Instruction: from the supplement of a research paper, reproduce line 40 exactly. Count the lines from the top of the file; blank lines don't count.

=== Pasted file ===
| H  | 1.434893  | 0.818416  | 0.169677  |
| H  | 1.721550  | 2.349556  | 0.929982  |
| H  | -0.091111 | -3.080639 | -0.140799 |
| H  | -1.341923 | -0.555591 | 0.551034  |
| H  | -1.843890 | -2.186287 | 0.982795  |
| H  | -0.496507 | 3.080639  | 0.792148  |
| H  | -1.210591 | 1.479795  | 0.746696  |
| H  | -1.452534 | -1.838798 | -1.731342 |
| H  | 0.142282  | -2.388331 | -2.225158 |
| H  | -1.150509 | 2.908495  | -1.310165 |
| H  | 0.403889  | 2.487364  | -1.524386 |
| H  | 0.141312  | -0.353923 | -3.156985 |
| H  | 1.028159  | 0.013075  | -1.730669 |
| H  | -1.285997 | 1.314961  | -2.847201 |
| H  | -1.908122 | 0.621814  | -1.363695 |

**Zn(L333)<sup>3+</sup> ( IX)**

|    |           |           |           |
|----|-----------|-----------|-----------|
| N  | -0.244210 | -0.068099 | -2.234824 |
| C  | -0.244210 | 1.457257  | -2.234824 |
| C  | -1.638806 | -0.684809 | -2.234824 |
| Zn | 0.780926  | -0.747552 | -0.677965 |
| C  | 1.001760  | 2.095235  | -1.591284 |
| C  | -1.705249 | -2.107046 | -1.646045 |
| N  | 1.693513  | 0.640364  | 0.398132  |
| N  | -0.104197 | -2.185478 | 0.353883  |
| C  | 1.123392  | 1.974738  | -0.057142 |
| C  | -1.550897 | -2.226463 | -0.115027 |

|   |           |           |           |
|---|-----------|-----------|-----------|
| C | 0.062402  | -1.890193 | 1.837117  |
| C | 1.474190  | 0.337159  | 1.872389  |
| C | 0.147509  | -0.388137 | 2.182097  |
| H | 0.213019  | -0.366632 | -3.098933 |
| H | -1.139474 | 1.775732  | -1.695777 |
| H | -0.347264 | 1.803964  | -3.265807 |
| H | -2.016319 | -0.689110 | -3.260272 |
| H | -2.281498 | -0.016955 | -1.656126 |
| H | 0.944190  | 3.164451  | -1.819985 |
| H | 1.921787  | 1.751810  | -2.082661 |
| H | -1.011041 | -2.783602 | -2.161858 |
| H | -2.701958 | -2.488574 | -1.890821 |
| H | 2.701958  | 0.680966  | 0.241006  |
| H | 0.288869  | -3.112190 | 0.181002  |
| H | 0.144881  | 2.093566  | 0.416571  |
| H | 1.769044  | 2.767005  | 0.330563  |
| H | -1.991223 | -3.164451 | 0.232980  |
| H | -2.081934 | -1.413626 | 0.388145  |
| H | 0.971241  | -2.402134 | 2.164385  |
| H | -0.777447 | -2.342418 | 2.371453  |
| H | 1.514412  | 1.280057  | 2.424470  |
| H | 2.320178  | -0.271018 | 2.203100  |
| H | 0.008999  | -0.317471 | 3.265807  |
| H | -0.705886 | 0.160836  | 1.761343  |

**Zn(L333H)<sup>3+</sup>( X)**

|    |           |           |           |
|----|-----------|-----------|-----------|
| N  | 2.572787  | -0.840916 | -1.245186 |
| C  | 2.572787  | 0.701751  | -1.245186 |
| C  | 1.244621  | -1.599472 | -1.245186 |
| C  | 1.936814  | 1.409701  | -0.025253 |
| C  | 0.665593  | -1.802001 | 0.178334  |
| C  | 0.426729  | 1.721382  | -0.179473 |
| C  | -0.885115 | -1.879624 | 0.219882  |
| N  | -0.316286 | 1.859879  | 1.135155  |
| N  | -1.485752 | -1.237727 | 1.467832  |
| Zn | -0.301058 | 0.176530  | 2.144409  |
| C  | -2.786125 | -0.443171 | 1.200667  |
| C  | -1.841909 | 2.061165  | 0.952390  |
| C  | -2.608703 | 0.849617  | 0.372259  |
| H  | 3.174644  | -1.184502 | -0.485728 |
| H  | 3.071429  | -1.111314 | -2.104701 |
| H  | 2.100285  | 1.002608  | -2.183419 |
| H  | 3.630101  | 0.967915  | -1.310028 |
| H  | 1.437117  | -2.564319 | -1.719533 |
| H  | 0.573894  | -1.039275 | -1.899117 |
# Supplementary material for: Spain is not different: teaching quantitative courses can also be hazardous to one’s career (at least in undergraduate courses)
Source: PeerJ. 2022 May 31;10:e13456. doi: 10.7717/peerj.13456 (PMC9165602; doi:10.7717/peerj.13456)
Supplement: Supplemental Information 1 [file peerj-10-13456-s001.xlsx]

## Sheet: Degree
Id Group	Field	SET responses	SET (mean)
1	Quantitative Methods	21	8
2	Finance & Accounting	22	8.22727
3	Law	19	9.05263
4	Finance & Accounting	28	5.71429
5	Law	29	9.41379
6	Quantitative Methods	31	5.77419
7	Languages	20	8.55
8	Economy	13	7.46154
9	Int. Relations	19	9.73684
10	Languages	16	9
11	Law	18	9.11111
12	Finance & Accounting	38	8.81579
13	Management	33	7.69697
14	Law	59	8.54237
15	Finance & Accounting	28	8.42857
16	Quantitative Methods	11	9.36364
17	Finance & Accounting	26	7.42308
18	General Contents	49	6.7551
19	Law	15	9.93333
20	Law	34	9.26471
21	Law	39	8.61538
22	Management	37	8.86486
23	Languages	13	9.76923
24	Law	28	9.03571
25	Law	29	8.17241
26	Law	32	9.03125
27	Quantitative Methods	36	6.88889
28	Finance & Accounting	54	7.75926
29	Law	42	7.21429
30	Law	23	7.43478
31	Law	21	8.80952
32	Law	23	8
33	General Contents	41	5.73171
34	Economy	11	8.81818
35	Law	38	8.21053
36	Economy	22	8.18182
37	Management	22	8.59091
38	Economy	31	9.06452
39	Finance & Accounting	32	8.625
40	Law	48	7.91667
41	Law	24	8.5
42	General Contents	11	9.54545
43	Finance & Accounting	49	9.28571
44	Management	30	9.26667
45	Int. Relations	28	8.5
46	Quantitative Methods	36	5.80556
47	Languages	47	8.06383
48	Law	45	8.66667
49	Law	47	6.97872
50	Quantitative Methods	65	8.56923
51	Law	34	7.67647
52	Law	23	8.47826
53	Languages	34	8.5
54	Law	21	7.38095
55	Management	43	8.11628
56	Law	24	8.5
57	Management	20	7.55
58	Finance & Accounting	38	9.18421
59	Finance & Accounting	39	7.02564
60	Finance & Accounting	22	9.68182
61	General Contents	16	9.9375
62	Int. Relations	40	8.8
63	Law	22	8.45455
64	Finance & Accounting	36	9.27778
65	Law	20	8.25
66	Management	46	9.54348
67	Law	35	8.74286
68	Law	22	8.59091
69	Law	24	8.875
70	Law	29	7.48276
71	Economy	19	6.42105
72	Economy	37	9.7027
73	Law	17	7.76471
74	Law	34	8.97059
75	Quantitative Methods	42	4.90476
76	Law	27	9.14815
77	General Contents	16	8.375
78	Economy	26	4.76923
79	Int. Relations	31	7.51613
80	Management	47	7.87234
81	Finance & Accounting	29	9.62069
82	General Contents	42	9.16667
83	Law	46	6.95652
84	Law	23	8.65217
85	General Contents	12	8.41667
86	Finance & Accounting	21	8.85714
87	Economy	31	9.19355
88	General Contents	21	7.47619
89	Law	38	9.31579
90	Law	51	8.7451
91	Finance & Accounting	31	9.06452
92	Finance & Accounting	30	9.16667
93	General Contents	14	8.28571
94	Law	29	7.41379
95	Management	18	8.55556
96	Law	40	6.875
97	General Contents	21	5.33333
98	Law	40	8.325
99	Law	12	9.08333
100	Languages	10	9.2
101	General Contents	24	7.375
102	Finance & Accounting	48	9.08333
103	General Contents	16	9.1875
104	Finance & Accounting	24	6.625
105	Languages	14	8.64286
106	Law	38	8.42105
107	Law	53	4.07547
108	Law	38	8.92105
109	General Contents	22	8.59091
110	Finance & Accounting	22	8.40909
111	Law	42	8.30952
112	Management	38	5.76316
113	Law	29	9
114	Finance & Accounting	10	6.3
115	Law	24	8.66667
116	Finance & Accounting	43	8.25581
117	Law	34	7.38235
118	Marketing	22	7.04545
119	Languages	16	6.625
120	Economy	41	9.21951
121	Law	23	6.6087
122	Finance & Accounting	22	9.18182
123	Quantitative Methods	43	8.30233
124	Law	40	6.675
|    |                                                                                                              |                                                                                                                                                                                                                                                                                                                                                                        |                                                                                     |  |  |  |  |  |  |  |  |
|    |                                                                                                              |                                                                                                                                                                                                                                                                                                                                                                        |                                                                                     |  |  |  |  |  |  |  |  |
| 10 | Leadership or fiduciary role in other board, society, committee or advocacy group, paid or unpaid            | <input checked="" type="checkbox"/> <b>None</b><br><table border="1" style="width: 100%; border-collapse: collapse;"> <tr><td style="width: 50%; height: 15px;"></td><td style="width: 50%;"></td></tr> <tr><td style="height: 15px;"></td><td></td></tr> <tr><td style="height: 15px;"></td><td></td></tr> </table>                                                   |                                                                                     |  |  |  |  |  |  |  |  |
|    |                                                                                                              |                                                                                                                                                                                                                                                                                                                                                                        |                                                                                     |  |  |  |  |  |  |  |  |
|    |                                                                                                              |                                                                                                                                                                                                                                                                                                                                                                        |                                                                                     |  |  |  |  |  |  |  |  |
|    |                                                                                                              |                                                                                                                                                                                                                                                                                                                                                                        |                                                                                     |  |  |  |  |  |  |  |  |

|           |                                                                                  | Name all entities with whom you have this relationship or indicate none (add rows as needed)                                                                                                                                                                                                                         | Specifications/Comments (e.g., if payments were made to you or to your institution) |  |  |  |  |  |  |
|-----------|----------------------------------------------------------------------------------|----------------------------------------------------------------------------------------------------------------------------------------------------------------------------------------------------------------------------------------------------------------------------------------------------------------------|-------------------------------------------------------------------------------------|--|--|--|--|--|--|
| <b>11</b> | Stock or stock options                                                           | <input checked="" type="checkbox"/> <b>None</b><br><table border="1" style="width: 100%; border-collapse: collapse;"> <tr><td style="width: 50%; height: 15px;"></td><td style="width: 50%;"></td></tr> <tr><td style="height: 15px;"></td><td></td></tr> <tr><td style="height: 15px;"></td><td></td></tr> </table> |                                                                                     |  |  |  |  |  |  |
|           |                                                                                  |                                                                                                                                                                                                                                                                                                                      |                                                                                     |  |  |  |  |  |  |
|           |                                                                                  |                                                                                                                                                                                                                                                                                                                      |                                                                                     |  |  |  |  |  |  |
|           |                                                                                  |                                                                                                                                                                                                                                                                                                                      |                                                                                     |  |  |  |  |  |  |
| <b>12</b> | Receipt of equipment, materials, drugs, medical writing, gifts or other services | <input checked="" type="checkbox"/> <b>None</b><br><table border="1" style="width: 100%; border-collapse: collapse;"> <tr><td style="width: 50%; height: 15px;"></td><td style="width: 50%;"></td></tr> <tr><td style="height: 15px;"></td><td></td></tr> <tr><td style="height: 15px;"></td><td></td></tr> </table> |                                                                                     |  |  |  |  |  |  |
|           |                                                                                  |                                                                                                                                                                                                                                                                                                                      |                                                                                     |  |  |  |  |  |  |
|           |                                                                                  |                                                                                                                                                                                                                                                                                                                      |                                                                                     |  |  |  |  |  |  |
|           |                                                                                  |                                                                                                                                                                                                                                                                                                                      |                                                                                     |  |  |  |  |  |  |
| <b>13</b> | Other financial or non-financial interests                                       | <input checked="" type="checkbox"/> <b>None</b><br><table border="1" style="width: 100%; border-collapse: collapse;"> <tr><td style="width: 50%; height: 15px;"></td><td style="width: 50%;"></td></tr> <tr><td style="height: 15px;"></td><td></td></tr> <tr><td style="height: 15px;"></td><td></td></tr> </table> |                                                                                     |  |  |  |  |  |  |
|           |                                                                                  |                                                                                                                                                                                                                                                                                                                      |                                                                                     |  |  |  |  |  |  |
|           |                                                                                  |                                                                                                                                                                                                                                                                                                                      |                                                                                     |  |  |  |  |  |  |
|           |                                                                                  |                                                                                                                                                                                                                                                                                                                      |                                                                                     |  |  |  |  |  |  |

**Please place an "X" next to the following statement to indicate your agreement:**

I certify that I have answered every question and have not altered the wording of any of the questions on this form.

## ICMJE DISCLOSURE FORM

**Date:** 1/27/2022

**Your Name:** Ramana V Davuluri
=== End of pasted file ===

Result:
| H | 1.921787  | 1.751810  | -2.082661 |